A proof-of-concept published today in Nature promises warmer, cheaper and more robust quantum computing. And it can be manufactured using conventional silicon chip foundries.
Most quantum computers being developed around the world will only work at fractions of a degree above absolute zero. That requires multi-million-dollar refrigeration and as soon as you plug them into conventional electronic circuits they’ll instantly overheat.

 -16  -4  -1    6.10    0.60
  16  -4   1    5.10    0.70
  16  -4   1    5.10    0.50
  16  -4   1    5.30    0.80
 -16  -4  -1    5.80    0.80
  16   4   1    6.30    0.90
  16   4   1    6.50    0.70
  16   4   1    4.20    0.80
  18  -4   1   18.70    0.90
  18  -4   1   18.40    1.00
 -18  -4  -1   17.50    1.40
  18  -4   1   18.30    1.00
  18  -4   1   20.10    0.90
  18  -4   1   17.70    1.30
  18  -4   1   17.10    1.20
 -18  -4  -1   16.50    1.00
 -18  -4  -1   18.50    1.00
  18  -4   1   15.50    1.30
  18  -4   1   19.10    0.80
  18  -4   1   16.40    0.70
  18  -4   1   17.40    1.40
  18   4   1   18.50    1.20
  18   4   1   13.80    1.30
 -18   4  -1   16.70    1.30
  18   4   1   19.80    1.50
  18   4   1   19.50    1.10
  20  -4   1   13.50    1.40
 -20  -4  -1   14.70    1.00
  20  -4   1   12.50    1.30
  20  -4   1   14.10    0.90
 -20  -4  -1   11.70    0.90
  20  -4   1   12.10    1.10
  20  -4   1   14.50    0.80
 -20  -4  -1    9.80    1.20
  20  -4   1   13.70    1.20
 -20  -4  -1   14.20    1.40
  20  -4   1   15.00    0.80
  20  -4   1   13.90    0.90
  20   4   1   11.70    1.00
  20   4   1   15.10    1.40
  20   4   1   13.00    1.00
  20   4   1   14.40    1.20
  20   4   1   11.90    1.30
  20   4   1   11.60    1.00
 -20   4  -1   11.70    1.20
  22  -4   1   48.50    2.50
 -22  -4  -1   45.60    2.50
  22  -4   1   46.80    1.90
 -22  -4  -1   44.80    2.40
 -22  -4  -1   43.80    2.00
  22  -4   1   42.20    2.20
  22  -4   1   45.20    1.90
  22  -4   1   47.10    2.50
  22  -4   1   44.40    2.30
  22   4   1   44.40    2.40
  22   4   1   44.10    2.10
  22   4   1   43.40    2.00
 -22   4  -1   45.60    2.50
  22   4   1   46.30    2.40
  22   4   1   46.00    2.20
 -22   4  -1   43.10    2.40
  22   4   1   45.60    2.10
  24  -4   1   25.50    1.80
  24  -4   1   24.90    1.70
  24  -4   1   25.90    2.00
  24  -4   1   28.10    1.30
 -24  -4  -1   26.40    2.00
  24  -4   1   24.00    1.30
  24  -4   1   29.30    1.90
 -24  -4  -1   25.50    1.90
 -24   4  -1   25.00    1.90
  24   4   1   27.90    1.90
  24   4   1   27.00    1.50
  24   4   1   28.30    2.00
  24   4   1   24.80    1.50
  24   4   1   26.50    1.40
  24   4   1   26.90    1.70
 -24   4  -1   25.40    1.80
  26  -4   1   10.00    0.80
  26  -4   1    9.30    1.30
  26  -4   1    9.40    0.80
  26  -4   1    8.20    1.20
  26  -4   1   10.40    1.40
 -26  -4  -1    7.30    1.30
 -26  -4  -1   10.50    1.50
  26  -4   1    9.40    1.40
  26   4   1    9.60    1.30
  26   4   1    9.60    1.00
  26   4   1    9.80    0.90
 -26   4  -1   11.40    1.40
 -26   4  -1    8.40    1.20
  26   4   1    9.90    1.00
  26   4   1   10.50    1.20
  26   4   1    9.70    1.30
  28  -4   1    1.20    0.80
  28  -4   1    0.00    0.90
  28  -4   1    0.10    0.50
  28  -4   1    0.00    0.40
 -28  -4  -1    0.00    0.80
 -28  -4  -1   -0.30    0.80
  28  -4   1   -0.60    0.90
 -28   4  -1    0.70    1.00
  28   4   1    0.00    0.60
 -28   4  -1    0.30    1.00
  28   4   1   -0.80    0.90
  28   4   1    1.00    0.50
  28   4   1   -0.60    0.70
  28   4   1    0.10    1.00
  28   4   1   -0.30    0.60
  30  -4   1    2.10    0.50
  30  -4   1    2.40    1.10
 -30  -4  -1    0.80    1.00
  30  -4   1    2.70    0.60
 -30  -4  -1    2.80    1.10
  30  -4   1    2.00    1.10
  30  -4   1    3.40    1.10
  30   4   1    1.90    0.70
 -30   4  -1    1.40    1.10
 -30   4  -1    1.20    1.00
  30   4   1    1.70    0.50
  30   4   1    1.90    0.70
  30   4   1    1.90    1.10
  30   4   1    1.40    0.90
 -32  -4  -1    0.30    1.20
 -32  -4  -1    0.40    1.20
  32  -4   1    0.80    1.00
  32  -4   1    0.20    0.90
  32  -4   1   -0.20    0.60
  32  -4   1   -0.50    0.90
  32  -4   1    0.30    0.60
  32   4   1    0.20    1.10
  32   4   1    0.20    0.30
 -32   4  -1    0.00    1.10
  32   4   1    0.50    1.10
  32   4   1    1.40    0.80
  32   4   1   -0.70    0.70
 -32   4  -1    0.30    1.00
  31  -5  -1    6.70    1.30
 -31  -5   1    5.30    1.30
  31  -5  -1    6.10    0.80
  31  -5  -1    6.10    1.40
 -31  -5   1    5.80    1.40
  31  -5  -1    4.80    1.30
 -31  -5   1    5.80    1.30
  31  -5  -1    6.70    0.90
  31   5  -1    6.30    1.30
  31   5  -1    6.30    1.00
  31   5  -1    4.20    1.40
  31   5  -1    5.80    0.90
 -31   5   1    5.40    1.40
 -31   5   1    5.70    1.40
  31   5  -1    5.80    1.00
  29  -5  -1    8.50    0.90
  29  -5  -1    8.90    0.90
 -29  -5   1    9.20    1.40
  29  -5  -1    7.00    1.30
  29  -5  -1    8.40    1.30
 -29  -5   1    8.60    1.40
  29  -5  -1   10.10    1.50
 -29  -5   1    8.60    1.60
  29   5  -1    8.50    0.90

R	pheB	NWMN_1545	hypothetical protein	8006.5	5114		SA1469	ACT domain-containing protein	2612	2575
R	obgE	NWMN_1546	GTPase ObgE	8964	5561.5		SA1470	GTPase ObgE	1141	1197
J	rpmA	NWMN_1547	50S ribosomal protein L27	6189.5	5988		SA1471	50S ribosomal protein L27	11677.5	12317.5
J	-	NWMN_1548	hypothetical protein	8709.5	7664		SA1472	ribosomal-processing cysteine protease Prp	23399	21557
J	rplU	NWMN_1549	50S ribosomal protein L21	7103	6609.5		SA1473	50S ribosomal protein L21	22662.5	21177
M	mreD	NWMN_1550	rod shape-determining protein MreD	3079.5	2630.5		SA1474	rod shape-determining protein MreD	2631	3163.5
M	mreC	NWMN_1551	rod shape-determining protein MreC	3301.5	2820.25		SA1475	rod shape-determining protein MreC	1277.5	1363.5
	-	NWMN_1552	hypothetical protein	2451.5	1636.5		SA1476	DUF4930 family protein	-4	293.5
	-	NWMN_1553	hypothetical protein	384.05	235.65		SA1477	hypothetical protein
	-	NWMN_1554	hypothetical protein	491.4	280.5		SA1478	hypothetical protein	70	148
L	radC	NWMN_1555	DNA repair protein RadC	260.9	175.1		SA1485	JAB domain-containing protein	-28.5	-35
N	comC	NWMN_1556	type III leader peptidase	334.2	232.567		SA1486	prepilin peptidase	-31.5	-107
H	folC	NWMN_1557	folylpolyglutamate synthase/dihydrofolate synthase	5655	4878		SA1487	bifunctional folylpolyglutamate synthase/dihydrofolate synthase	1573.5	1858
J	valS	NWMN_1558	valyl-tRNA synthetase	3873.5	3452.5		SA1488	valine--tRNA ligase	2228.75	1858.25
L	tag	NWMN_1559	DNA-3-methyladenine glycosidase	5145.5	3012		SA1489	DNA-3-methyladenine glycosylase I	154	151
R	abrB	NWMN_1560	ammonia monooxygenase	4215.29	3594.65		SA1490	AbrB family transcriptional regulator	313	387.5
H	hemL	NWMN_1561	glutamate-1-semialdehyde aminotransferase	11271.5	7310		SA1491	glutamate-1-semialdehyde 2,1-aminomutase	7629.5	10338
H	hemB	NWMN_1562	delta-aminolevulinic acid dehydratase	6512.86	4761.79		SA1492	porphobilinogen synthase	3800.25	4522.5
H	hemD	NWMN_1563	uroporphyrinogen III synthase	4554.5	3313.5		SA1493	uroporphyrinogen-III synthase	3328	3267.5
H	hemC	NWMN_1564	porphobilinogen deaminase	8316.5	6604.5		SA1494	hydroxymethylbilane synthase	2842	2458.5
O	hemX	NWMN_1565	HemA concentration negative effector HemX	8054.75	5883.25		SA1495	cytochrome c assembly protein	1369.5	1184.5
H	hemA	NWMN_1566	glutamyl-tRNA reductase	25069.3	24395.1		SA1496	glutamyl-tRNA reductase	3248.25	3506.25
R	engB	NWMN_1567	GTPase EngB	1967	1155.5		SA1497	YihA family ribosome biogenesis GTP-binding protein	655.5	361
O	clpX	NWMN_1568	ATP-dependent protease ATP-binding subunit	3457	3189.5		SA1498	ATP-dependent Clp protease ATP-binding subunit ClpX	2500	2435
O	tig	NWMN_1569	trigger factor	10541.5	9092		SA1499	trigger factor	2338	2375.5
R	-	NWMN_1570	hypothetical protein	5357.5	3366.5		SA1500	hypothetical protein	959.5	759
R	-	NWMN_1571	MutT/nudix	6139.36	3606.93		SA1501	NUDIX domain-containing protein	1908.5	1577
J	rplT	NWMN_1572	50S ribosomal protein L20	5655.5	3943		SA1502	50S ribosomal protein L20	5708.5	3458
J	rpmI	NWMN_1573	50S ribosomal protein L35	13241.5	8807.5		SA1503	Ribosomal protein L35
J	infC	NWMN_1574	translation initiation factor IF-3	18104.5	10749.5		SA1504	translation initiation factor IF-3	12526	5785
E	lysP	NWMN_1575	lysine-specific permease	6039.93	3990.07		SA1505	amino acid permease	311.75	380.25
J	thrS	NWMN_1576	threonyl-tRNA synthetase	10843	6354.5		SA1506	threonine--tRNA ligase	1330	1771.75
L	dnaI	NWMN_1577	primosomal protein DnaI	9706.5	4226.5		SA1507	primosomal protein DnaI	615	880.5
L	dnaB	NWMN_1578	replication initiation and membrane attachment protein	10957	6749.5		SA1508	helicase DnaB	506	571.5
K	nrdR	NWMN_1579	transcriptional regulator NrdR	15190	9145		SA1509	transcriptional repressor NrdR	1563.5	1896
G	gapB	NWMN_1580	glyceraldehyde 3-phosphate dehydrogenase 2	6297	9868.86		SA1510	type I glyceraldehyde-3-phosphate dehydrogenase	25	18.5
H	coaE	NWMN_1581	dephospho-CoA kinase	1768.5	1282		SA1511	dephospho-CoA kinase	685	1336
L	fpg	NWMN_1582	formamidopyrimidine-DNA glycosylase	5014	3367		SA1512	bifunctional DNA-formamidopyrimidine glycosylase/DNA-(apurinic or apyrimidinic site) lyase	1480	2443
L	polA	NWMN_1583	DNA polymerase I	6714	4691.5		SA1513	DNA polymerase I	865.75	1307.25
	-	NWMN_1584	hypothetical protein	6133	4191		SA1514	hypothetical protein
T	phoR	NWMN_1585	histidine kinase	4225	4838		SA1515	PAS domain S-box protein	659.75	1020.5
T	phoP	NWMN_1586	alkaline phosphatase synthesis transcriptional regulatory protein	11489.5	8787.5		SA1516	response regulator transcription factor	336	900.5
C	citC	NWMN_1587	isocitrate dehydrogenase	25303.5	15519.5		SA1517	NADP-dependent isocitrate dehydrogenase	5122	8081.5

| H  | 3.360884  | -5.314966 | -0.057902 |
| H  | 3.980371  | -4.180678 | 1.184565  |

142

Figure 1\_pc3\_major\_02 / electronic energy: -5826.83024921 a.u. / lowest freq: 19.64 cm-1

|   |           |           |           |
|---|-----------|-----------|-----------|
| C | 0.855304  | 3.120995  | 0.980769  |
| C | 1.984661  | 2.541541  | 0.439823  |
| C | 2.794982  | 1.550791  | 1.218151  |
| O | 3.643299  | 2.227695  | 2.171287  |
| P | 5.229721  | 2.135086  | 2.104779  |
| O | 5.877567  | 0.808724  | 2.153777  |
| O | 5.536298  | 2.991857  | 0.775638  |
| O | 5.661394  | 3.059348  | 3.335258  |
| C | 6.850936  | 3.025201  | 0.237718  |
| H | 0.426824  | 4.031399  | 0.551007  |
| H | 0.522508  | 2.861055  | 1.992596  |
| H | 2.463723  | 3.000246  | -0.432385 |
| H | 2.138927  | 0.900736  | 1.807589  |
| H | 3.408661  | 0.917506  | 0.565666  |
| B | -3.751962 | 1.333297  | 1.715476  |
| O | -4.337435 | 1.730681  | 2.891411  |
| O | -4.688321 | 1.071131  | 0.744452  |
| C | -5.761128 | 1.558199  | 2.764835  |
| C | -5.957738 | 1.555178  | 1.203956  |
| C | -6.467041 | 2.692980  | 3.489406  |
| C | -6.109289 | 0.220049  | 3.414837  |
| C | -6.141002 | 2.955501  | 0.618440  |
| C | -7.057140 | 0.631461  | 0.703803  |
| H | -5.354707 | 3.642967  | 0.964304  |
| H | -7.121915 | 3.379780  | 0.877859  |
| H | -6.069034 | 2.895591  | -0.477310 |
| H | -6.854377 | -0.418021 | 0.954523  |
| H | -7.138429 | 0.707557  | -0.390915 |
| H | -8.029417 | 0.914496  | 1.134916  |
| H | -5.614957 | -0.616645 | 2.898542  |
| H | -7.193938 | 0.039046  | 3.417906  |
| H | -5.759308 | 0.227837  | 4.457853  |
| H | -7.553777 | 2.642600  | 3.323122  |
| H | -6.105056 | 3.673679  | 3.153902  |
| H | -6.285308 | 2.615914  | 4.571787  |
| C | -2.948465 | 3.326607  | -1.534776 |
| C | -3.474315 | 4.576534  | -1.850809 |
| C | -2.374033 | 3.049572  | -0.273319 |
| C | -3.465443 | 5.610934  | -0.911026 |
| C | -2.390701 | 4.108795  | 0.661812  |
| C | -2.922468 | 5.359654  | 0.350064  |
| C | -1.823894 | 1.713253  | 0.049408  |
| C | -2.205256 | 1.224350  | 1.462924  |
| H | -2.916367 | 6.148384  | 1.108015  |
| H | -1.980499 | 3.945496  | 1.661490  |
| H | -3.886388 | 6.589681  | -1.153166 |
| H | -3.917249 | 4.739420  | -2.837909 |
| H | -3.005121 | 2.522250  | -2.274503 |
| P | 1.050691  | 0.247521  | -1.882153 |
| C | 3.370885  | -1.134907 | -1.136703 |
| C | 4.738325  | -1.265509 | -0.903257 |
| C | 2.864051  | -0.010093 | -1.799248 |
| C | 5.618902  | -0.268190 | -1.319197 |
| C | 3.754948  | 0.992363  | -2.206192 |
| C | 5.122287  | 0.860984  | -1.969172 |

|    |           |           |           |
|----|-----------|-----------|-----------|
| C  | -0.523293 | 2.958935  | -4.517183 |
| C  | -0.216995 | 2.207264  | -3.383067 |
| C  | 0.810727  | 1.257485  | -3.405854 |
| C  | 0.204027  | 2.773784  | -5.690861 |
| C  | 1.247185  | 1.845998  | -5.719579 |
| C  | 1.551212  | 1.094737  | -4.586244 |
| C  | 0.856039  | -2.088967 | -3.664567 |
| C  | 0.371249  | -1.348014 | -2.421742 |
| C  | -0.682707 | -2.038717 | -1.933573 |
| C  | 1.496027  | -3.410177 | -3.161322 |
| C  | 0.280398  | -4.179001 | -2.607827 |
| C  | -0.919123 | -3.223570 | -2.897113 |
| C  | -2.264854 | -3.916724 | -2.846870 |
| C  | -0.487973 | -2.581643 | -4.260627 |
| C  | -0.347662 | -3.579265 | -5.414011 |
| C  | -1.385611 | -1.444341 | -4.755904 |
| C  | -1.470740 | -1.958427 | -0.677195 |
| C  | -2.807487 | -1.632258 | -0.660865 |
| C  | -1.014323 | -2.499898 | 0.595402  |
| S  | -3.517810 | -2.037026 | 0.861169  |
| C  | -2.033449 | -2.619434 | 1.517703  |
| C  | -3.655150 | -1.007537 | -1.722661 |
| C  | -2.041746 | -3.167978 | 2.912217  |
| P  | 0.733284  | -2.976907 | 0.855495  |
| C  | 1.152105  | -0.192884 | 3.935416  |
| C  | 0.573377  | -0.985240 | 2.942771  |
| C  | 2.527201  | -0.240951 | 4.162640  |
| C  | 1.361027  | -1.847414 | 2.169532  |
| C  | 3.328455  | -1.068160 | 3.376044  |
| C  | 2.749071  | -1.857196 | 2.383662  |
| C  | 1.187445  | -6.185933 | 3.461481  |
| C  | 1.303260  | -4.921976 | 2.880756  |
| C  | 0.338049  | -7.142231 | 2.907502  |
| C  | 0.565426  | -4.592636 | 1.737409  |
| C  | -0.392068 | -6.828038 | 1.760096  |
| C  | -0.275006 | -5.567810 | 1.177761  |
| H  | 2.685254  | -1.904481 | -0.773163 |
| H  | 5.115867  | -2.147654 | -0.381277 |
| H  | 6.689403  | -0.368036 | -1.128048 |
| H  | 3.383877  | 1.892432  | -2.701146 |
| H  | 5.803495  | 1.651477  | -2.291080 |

But now researchers led by Professor Andrew Dzurak at UNSW Sydney have addressed this problem.Continue reading Hot qubits made in Sydney break one of the biggest constraints to practical quantum computers